The intersection of impossible worlds

“We need another and a wiser and perhaps a more mystical concept of animals. Remote from universal nature, and living by complicated artifice, man in civilization surveys the creature through the glass of his knowledge and sees thereby a feather magnified and the whole image in distortion. We patronize them for their incompleteness, for their tragic fate of having taken form so far below ourselves. And therein we err, and greatly err. For the animal shall not be measured by man. In a world older and more complete than ours they move finished and complete, gifted with extensions of the senses we have lost or never attained, living by voices we shall never hear. They are not brethren, they are not underlings; they are other nations, caught with ourselves in the net of life and time, fellow prisoners of the splendour and travail of the earth.” — Henry Beston, The Outermost House: A Year of Life on the Great Beach of Cape Cod

Much as I love plants and am delighted to come across a new one, or an old friend, when on a walk or in my own yard, when I unexpectedly meet an animal there is always a kind of frisson — a shiver that’s mostly but not wholly pleasurable, an electrical impulse of complex emotion: excitement mingled with awe, awareness of “other” and “familiar” simultaneously, joy and wonder alloyed with not knowing what will happen in the next moment.

Anything from bird to snake to skate to bear prompts this feeling for me. Insects, including butterflies, don’t seem to — though I often find them charming and enchanting, and I am awed by their many abilities — and I imagine that’s because I do not yet fully comprehend their complete being. Not that I claim to fully comprehend any other being’s complete being (nor my own, when it comes down to it) , but with mammals, birds, reptiles, amphibians, and fish I feel the thrill of kinship — not family kinship exactly (not that they are “brethren,” as Beston puts it), but our kinship as mortals, perhaps, as fellow travellers on this one earth — and, paradoxically, I recognise in the same moment that we are alien to each other. We can connect, perhaps, but a rabbit, warbler, fox, or frog is wild in a way that I — “living by complicated artifice” — will never fathom; and that wildness conjures a certain wariness (in varying degrees, depending on what I think I know of the animal) that, along with the awareness that we live together, briefly, in the same moment, lends a reverence and respect to our meeting, for me at least.

Below are some animals whose paths have crossed mine briefly in the last month. Of course, when I’m really stunned and the animal is as wary as I, and faster, I don’t get a photo, as with the groundhog at the Heritage Museum in Sandwich MA, the two 5-foot long black racer snakes in Wellfleet MA, and numerous birds all over.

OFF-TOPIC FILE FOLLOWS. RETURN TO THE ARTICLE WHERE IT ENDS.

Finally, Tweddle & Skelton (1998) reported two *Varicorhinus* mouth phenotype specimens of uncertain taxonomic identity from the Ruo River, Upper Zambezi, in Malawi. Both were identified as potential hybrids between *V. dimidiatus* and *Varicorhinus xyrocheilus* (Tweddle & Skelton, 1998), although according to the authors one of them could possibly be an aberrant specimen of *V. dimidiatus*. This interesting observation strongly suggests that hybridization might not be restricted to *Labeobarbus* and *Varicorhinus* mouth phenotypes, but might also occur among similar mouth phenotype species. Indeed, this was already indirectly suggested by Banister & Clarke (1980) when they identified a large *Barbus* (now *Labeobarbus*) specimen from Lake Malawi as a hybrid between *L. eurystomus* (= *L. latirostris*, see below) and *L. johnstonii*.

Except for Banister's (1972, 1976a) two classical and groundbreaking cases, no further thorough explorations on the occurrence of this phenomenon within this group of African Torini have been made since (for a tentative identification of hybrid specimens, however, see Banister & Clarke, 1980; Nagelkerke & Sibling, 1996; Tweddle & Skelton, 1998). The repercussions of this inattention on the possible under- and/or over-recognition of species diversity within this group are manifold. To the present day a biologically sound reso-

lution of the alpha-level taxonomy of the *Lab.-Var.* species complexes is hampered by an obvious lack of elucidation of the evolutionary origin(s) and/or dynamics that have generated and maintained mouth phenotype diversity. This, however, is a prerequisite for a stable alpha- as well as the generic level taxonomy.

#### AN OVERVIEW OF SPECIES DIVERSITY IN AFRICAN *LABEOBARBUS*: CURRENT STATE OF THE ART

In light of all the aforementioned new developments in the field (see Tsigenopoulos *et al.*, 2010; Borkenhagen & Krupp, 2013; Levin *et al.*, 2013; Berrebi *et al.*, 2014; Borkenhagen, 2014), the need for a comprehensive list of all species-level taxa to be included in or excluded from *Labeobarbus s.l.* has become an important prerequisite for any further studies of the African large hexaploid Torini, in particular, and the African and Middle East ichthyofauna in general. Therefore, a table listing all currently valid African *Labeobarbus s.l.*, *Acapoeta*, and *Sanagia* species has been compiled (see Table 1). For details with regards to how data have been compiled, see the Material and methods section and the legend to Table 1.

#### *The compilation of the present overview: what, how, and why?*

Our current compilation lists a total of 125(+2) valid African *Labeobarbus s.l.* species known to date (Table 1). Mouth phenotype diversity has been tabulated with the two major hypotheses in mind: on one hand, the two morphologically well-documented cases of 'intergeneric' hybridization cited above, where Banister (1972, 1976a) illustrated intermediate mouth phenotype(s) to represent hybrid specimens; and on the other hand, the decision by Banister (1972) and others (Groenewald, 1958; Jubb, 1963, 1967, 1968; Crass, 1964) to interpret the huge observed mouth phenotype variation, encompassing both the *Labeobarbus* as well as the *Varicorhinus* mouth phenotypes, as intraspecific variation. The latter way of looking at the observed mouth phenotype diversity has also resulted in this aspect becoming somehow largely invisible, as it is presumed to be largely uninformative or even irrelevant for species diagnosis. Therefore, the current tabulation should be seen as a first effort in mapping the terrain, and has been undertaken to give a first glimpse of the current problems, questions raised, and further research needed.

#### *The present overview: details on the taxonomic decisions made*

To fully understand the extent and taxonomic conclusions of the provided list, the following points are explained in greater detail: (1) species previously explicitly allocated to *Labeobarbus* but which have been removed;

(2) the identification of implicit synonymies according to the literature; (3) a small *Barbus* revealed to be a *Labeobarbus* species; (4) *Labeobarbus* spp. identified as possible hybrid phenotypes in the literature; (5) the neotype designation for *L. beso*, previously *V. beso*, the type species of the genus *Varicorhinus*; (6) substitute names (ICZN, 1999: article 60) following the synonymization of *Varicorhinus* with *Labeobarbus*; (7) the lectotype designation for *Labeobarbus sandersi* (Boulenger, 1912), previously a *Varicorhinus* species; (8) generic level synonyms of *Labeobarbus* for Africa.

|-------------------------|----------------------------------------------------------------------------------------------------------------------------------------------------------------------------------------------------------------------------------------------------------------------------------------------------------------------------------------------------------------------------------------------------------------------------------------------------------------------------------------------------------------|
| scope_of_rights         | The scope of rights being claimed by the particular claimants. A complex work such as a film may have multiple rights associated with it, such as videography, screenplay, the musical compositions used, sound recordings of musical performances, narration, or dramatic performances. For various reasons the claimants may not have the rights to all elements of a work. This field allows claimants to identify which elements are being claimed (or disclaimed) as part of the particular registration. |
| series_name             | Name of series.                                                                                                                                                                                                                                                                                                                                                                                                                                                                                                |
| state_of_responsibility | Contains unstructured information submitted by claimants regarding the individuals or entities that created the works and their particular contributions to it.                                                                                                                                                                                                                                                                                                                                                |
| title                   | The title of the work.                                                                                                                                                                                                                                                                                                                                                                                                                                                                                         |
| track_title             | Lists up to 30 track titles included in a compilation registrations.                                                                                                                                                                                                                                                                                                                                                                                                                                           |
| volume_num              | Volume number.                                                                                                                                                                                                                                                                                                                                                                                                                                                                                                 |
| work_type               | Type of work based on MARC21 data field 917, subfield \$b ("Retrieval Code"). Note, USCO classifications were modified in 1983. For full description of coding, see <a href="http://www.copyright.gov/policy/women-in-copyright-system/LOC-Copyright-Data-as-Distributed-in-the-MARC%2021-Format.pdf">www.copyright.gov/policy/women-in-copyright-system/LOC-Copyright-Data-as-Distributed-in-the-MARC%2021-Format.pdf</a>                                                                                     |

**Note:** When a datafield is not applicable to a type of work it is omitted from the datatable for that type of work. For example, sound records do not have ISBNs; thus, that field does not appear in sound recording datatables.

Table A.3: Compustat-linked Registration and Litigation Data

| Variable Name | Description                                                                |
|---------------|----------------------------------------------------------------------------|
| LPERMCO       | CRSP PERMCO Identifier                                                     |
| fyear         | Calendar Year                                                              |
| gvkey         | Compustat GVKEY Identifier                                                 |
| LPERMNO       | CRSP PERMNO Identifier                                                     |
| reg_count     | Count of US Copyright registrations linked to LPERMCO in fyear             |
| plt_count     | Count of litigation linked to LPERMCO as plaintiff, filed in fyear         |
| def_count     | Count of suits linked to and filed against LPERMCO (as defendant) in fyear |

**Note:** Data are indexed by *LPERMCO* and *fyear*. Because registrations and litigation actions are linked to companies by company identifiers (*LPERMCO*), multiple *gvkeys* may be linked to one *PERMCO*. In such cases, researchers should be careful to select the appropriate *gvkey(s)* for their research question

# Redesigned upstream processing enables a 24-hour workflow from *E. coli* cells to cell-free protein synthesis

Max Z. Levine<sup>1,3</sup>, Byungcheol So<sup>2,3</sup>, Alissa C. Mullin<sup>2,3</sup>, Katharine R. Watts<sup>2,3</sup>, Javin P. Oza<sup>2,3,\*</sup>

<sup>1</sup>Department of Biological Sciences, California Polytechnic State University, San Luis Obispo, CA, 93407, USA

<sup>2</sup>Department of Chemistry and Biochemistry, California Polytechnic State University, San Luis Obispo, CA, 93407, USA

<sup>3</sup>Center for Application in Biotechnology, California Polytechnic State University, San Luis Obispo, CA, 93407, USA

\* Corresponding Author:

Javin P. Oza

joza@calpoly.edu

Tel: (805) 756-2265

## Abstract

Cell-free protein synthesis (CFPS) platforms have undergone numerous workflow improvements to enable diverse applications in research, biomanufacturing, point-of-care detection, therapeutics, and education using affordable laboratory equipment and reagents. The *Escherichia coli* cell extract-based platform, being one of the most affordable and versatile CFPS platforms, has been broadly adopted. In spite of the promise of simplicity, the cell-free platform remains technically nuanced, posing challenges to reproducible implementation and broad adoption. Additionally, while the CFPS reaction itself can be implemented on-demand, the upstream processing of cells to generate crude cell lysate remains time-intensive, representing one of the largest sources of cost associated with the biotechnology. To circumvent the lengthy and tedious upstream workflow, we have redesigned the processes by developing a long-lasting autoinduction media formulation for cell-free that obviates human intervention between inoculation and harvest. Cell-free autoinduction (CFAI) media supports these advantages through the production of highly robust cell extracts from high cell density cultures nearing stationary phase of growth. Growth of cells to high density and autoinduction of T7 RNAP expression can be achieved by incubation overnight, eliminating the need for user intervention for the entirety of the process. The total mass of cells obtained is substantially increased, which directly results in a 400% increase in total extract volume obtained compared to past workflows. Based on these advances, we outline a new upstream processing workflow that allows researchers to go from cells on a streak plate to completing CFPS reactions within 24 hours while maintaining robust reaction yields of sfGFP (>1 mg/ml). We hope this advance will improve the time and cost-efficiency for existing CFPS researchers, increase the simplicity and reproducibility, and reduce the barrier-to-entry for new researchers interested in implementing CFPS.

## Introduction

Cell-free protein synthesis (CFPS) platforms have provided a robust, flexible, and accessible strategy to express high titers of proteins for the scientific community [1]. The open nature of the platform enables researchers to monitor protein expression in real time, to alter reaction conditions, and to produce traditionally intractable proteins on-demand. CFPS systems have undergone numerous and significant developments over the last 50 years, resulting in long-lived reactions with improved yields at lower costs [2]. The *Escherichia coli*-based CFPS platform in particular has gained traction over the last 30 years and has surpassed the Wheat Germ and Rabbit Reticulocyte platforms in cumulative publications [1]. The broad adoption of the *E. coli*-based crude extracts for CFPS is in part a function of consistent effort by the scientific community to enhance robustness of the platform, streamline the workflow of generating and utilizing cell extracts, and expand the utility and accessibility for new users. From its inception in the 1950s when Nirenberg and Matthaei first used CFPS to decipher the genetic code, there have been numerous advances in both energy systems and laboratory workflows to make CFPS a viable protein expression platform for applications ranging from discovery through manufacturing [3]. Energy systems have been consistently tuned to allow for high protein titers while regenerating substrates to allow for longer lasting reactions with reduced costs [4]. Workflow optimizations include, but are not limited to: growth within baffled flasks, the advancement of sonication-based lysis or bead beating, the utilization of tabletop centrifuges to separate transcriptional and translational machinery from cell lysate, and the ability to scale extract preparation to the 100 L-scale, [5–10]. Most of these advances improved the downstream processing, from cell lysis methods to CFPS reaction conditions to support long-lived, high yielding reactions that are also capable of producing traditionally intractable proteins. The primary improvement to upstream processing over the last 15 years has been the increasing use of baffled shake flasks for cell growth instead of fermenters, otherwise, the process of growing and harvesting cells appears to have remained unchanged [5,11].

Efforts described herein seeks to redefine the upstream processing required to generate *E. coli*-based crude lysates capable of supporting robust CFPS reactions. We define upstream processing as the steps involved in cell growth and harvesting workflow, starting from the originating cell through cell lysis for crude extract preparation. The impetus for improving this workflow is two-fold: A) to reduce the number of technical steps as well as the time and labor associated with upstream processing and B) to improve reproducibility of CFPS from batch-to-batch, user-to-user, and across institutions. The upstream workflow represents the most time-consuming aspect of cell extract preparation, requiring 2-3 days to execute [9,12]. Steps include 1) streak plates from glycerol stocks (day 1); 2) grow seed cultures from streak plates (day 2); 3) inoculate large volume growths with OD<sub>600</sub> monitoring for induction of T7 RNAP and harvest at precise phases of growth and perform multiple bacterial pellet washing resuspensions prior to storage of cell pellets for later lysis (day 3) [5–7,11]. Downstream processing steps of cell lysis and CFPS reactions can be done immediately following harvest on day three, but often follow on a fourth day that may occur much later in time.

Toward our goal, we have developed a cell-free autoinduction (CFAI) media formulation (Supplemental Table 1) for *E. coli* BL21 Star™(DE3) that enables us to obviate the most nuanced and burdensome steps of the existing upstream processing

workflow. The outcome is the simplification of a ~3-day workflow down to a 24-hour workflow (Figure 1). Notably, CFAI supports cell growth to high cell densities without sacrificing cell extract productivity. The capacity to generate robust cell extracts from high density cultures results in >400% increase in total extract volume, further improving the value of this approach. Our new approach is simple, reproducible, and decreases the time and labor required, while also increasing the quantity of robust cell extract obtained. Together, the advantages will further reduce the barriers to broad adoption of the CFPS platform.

In the garden in NH

grey squirrel (motion camera)
indigo bunting in finch feeder
visiting female mallard (motion camera)

Trail walks in NH

eastern newts:

sparrow on a beaver dam

Cape Cod

large green frog – Heritage Gardens, Sandwich MA
painted turtle – Heritage Gardens, Sandwich MA
red squirrel, eating – Heritage Gardens, Sandwich MA
song sparrow – motel, Orleans MA
rabbit scratching face – Try Island, Wellfleet MA
rabbit – Mass Audubon Center, Wellfleet MA
piping plover – Coast Guard Beach Eastham MA
marsh crab – Mass Audubon, Wellfleet MA
large black and white cat — a crow was scolding it fiercely and chasing it away – Mass Audubon, Wellfleet MA
great black-backed gull (immature) – Great Island Trail, Wellfleet MA
green frog in pond – Mass Audubon, Wellfleet MA
goldfinch – Nauset Light Beach Eastham MA
fluffy house sparrow – Coast Guard Beach Eastham MA
chipmunk partially obstructed – Pamet Trails, Truro, MA
small black racer snake – Pamet Trails, Truro, MA

Coastal Rhode Island 

Red-winged black bird (at motel in Middletown RI) with something to say:

It was almost impossible to capture any of the dozens of swallows flitting and dipping, and never landing, at Oyster Point at Trustom Pond NWR in South Kingstown, RI:

cormorant -Bristol RI
Northern rough-winged swallow – Cliff Walk, Newport RI
rabbit – Sachuest Point NWR, Middletown RI
mockingbird with morsel of some kind – Sachuest Point NWR, Middletown RI
small puffy chipping sparrow – Ninigret NWR, Charlestown RI
towhee – Ninigret NWR, Charlestown RI
scarlet tanager – Trustom Pond NWR, South Kingstown RI
herring gull – Fogland Beach, Tiverton RI
immature herring gull – The Narrows, Narragansett RI
mute swan – Trustom Pond NWR, South Kingstown RI
male turkey in grasses – Trustom Pond NWR, South Kingstown RI
rabbit in bramble – Trustom Pond NWR, South Kingstown RI
another rabbit – Sachuest Point NWR, Middletown RI
house finches, male feeding female – Cliff Walk, Newport RI
cormorant with nesting materials (I could see the nests out on rocks) – Cliff Walk RI
yearling deer hiding (one of three together) – Trustom Pond NWR, South Kingstown RI
rabbit, neck outstretched – Trustom Pond NWR, South Kingstown RI
yellow warbler – Trustom Pond NWR, South Kingstown RI

“When birds look into houses, what impossible worlds they see.” — Don DeLillo, from The Body Artist


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